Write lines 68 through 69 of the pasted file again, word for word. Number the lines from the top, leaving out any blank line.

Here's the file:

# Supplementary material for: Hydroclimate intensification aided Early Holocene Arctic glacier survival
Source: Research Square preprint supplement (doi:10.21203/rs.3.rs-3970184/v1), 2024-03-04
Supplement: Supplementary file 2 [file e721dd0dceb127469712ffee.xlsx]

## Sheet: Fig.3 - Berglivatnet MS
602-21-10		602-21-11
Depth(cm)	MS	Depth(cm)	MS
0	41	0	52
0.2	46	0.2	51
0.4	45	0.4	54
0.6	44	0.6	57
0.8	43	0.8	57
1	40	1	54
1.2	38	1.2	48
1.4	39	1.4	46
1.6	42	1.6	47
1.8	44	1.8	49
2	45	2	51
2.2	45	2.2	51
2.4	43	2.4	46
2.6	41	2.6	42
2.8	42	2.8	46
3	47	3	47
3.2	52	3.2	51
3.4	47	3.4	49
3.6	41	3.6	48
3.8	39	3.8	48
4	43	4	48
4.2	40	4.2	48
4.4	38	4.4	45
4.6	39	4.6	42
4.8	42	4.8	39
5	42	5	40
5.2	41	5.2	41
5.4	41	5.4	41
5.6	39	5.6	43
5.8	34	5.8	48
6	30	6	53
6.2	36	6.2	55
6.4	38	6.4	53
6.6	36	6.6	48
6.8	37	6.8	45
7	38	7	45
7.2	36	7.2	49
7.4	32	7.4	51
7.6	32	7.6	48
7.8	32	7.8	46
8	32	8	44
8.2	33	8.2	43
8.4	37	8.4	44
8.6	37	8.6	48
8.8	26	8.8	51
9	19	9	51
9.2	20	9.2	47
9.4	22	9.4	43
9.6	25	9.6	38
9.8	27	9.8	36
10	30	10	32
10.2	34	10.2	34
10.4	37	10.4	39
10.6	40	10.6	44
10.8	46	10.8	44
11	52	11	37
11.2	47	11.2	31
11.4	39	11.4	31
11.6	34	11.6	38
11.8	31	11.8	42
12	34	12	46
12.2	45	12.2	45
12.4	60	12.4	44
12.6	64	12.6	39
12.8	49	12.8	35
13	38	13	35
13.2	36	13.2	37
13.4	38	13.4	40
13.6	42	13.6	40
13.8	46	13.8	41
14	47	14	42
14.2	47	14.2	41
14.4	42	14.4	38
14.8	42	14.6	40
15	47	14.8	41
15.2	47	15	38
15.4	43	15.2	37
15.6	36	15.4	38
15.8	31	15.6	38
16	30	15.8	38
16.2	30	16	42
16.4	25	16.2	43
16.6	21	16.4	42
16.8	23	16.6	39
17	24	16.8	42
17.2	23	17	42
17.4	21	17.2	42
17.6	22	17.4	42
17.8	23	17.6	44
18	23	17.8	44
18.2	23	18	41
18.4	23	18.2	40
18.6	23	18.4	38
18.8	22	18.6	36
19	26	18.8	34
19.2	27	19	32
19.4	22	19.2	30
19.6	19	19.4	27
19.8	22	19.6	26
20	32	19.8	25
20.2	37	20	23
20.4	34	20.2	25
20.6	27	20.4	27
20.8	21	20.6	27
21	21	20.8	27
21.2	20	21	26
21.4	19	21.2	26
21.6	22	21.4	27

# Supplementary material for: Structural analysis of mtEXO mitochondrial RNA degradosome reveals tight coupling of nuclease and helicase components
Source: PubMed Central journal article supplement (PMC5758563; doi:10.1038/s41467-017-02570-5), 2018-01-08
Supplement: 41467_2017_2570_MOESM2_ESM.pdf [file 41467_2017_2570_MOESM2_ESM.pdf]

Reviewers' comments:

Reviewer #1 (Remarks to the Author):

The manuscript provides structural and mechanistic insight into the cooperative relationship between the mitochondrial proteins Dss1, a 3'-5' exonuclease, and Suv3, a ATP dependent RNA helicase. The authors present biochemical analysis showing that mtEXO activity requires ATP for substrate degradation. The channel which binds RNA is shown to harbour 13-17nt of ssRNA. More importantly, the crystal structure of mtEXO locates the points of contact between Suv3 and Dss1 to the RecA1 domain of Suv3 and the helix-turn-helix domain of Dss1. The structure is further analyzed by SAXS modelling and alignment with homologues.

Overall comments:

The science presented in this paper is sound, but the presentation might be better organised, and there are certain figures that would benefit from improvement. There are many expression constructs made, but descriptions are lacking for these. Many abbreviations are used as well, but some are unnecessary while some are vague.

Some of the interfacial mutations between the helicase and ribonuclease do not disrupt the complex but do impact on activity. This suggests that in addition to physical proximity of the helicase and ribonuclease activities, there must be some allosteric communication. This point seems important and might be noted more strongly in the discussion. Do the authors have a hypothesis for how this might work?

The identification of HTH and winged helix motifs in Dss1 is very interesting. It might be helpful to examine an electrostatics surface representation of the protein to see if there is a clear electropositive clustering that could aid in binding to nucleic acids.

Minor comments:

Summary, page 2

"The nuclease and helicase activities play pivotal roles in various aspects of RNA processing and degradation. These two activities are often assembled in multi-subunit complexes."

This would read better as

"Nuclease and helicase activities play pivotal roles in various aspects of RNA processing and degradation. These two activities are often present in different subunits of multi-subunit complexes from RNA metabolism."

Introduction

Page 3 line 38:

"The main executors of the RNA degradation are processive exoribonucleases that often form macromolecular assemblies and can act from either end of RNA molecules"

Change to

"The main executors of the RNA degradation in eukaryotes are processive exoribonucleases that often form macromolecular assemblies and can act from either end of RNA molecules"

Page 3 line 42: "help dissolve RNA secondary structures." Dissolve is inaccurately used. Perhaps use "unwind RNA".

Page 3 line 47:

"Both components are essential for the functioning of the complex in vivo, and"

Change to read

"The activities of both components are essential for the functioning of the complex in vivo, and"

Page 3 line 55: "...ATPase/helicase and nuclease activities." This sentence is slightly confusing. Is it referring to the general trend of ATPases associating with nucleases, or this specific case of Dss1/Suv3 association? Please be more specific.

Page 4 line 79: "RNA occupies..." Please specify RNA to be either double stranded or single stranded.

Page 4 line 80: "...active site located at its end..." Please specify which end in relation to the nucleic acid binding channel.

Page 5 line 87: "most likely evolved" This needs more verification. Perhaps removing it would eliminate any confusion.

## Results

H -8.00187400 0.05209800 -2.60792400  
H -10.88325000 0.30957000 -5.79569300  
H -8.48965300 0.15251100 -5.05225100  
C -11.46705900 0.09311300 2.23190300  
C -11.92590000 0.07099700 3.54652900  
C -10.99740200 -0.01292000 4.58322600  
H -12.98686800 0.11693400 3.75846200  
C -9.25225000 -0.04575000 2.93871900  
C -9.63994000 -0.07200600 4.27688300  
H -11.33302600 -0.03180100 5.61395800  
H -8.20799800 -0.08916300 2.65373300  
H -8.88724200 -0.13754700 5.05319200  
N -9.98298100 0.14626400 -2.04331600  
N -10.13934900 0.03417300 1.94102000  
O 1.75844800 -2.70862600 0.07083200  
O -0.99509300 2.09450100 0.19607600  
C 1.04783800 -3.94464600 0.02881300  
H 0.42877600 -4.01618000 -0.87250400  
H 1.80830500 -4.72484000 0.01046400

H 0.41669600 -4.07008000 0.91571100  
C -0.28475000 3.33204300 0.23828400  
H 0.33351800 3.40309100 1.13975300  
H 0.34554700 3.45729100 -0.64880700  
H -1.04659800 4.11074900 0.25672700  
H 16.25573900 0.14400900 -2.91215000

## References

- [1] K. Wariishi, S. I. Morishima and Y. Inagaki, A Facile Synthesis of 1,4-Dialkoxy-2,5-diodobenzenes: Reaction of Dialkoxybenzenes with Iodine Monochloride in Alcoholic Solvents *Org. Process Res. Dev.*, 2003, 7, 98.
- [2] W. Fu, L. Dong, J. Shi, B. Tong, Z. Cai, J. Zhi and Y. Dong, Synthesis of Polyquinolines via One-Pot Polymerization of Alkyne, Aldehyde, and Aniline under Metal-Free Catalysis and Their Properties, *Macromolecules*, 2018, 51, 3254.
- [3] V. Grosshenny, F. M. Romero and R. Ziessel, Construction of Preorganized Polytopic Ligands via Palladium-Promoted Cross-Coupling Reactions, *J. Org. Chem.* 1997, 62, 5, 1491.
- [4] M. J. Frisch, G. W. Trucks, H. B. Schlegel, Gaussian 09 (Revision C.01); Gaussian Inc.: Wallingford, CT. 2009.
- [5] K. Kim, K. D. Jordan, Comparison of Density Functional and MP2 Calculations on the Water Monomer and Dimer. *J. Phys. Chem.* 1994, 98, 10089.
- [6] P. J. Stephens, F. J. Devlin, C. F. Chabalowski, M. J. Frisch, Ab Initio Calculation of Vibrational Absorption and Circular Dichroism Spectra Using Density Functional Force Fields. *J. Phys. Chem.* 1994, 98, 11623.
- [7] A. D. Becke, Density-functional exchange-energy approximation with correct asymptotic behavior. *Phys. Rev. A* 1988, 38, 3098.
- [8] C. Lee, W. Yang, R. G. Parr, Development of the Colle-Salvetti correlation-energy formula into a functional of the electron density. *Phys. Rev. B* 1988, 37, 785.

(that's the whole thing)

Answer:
12.2	45	12.2	45
12.4	60	12.4	44